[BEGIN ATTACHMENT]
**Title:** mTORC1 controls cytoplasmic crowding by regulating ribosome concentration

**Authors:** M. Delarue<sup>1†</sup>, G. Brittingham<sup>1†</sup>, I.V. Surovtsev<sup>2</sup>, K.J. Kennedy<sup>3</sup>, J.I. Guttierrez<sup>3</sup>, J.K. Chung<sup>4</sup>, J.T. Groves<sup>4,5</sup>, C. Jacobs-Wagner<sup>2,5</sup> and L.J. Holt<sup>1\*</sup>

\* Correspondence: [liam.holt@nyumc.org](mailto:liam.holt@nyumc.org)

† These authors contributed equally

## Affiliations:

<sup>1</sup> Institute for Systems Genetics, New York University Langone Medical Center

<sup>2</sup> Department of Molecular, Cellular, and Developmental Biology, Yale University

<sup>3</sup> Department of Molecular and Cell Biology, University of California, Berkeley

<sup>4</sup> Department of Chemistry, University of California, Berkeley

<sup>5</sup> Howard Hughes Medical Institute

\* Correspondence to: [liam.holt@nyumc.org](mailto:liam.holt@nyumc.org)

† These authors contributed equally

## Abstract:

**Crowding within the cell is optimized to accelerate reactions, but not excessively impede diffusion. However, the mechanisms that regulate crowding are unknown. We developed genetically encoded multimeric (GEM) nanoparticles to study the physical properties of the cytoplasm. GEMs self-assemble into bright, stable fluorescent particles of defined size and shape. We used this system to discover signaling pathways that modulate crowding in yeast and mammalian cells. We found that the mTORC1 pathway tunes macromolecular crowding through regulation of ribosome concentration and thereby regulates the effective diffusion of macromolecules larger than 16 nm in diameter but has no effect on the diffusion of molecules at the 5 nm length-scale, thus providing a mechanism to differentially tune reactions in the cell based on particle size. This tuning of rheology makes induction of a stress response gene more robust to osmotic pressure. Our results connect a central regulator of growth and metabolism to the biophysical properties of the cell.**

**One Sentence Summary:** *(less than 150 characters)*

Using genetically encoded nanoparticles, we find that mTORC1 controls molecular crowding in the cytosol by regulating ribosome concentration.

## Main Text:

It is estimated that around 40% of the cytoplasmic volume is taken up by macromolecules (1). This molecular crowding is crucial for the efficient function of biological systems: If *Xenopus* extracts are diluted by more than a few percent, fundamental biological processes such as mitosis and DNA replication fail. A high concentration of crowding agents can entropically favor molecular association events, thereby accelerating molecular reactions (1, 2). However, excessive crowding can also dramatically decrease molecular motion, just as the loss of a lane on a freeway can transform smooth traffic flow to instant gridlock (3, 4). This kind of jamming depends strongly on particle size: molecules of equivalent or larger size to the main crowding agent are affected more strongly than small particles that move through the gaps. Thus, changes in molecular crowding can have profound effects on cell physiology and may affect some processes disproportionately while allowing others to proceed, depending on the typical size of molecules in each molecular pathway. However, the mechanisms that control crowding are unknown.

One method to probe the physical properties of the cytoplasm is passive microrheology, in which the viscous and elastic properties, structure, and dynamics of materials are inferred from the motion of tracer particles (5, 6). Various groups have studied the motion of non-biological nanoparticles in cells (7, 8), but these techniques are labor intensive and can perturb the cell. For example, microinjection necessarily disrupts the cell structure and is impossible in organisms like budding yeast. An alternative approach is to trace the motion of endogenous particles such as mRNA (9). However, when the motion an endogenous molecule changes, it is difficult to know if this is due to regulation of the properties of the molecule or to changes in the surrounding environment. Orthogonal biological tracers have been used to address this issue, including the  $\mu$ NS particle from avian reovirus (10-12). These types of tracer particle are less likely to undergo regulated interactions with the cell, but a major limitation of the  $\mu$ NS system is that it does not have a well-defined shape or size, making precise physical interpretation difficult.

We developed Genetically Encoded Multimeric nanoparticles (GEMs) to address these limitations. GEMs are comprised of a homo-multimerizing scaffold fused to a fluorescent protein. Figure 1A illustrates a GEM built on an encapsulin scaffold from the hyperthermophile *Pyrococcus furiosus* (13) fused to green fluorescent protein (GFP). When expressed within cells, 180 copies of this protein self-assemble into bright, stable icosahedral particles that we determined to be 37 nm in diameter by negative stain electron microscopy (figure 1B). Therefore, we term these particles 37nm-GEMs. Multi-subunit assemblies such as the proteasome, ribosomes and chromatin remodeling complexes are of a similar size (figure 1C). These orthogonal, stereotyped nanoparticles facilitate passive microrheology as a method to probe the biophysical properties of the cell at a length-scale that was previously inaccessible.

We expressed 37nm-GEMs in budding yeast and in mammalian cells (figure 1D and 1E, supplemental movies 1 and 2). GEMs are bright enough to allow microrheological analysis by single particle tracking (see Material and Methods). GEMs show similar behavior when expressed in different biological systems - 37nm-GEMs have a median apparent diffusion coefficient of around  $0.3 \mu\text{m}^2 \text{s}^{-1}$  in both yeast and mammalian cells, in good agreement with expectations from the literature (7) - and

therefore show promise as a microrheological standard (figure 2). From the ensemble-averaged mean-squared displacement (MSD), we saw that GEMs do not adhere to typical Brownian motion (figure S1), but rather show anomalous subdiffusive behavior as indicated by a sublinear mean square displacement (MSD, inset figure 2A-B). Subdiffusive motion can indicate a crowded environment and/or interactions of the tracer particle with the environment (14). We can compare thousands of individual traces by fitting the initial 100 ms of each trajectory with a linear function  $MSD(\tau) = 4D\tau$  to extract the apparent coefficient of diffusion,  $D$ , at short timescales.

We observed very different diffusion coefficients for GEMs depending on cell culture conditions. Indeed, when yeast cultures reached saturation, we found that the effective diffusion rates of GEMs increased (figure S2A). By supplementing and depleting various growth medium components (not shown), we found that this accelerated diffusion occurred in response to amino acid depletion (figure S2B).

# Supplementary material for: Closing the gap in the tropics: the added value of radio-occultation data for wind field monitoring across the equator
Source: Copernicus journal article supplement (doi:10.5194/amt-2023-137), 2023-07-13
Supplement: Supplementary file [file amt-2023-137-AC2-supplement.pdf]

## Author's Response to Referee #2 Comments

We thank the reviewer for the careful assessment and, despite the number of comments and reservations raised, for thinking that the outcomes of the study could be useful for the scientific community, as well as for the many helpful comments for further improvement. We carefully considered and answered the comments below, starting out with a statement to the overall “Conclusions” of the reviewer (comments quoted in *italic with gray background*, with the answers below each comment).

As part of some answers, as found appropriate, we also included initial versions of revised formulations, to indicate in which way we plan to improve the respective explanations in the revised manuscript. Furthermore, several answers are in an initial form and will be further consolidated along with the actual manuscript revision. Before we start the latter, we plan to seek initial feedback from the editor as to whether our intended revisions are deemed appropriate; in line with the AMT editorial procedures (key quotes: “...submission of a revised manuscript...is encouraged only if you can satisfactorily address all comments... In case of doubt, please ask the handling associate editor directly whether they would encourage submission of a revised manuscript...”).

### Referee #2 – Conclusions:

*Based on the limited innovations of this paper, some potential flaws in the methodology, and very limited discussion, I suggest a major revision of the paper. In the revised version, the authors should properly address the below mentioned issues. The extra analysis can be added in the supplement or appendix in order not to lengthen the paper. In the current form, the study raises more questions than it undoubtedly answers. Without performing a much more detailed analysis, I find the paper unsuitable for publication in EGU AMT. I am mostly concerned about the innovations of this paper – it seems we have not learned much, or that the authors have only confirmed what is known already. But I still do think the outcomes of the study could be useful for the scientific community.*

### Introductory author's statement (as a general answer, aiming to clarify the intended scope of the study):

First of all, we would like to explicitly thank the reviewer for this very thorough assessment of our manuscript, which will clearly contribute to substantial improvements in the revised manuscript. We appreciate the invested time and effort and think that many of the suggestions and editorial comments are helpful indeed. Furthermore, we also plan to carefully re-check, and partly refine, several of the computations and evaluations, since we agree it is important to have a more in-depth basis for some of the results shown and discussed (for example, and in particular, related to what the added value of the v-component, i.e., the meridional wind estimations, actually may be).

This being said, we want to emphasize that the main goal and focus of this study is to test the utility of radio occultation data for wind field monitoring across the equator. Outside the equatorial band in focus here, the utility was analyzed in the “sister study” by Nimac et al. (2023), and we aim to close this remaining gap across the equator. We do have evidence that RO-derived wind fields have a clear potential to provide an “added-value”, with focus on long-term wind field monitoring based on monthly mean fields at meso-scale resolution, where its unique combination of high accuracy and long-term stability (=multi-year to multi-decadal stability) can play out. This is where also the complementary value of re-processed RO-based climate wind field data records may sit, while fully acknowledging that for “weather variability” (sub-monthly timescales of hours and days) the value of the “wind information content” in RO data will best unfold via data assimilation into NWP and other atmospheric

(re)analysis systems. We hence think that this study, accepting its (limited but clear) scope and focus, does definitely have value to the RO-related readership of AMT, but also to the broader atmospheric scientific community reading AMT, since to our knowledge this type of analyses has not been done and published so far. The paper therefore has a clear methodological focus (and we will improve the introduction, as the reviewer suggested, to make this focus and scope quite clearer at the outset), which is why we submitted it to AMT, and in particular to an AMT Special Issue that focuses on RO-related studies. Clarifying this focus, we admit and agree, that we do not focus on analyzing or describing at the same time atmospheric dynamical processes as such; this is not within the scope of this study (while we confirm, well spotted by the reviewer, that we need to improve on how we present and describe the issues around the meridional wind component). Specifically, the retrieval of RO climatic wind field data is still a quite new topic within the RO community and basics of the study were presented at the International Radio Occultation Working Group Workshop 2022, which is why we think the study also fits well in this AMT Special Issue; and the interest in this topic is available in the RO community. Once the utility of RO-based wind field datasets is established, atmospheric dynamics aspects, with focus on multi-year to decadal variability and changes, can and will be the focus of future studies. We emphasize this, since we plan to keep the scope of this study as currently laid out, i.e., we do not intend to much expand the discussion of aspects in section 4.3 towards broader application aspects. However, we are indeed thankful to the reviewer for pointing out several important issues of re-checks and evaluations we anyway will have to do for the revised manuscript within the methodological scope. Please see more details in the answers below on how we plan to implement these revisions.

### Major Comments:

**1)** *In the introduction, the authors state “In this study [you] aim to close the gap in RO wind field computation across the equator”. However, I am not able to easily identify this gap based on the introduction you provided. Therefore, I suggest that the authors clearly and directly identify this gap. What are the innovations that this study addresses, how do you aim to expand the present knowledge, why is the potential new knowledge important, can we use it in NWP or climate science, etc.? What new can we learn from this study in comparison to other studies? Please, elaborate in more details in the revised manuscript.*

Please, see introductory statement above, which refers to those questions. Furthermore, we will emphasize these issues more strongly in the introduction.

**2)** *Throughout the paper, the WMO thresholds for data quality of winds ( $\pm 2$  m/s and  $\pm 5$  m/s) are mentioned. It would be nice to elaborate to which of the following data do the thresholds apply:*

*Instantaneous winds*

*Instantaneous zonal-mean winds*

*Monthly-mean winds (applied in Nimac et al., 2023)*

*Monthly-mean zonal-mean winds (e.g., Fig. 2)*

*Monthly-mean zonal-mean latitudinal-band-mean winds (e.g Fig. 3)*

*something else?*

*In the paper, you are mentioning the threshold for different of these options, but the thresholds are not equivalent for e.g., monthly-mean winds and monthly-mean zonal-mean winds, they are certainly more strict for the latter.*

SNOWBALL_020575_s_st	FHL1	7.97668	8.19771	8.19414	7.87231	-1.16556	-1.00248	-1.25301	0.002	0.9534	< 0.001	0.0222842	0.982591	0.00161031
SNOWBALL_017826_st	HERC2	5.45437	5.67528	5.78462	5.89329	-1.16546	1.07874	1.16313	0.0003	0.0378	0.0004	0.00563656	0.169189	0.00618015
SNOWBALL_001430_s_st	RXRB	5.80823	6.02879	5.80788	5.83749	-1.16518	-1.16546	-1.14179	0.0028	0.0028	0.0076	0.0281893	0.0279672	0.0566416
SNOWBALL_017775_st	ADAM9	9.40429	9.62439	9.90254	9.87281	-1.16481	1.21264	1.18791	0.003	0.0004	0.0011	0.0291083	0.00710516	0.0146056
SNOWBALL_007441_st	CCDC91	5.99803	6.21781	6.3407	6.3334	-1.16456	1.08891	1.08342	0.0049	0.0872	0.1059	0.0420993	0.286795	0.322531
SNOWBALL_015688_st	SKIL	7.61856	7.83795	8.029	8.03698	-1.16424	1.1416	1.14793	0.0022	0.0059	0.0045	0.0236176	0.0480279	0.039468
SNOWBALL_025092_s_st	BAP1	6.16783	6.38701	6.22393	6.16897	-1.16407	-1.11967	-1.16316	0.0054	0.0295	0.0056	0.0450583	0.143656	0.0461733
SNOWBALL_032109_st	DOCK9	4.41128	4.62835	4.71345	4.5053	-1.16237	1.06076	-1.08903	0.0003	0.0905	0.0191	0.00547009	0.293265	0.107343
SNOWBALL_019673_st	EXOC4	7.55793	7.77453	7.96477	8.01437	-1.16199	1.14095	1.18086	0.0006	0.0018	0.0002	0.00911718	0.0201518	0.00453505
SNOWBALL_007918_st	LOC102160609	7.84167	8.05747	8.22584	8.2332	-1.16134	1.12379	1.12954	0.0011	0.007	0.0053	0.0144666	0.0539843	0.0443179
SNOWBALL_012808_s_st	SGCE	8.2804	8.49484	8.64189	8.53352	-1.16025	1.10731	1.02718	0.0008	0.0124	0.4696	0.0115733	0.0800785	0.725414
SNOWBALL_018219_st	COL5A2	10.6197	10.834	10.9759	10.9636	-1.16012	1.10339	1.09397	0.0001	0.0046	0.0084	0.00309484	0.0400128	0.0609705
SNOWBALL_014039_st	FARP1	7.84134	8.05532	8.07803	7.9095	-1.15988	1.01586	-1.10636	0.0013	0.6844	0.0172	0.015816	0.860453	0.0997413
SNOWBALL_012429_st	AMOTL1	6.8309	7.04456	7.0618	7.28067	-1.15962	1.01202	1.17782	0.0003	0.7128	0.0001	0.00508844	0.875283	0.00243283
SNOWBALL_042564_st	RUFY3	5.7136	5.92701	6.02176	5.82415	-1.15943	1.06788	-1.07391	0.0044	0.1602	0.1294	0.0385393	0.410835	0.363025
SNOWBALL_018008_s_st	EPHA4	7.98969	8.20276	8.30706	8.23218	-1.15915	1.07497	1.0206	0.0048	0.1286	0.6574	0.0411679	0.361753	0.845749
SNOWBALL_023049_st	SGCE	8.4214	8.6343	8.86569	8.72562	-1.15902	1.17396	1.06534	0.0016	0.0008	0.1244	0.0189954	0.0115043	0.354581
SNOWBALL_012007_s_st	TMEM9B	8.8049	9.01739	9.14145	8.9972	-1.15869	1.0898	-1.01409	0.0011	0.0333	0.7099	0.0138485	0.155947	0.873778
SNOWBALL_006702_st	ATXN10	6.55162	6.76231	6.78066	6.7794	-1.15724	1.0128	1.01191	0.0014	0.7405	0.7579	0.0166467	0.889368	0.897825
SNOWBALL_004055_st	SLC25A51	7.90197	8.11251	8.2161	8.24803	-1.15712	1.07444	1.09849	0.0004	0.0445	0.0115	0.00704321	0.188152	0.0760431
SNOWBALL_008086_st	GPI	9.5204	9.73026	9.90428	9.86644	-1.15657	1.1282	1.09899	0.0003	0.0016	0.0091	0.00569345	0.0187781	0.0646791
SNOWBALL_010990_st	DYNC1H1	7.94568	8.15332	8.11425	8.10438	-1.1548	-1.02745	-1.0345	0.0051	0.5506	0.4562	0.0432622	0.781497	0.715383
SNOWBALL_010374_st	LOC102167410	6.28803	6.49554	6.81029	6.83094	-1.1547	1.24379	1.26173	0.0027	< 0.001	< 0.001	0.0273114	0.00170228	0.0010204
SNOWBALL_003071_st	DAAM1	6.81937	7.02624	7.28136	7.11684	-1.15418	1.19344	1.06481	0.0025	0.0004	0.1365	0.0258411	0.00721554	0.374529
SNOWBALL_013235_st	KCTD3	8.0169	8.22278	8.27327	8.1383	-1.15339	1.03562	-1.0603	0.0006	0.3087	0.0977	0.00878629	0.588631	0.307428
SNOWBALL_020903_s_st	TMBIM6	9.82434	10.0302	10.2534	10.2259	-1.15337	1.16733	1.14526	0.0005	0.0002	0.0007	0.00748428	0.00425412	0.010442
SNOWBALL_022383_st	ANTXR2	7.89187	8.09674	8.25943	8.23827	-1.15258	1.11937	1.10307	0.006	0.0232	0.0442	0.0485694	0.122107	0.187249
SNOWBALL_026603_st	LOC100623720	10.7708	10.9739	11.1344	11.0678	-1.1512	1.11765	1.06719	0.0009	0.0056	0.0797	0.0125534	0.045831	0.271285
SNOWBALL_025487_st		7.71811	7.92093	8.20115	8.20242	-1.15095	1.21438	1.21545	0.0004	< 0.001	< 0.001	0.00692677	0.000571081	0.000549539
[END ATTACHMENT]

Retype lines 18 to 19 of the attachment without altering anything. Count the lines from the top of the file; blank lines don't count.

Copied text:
It is estimated that around 40% of the cytoplasmic volume is taken up by macromolecules (1). This molecular crowding is crucial for the efficient function of biological systems: If *Xenopus* extracts are diluted by more than a few percent, fundamental biological processes such as mitosis and DNA replication fail. A high concentration of crowding agents can entropically favor molecular association events, thereby accelerating molecular reactions (1, 2). However, excessive crowding can also dramatically decrease molecular motion, just as the loss of a lane on a freeway can transform smooth traffic flow to instant gridlock (3, 4). This kind of jamming depends strongly on particle size: molecules of equivalent or larger size to the main crowding agent are affected more strongly than small particles that move through the gaps. Thus, changes in molecular crowding can have profound effects on cell physiology and may affect some processes disproportionately while allowing others to proceed, depending on the typical size of molecules in each molecular pathway. However, the mechanisms that control crowding are unknown.

One method to probe the physical properties of the cytoplasm is passive microrheology, in which the viscous and elastic properties, structure, and dynamics of materials are inferred from the motion of tracer particles (5, 6). Various groups have studied the motion of non-biological nanoparticles in cells (7, 8), but these techniques are labor intensive and can perturb the cell. For example, microinjection necessarily disrupts the cell structure and is impossible in organisms like budding yeast. An alternative approach is to trace the motion of endogenous particles such as mRNA (9). However, when the motion an endogenous molecule changes, it is difficult to know if this is due to regulation of the properties of the molecule or to changes in the surrounding environment. Orthogonal biological tracers have been used to address this issue, including the  $\mu$ NS particle from avian reovirus (10-12). These types of tracer particle are less likely to undergo regulated interactions with the cell, but a major limitation of the  $\mu$ NS system is that it does not have a well-defined shape or size, making precise physical interpretation difficult.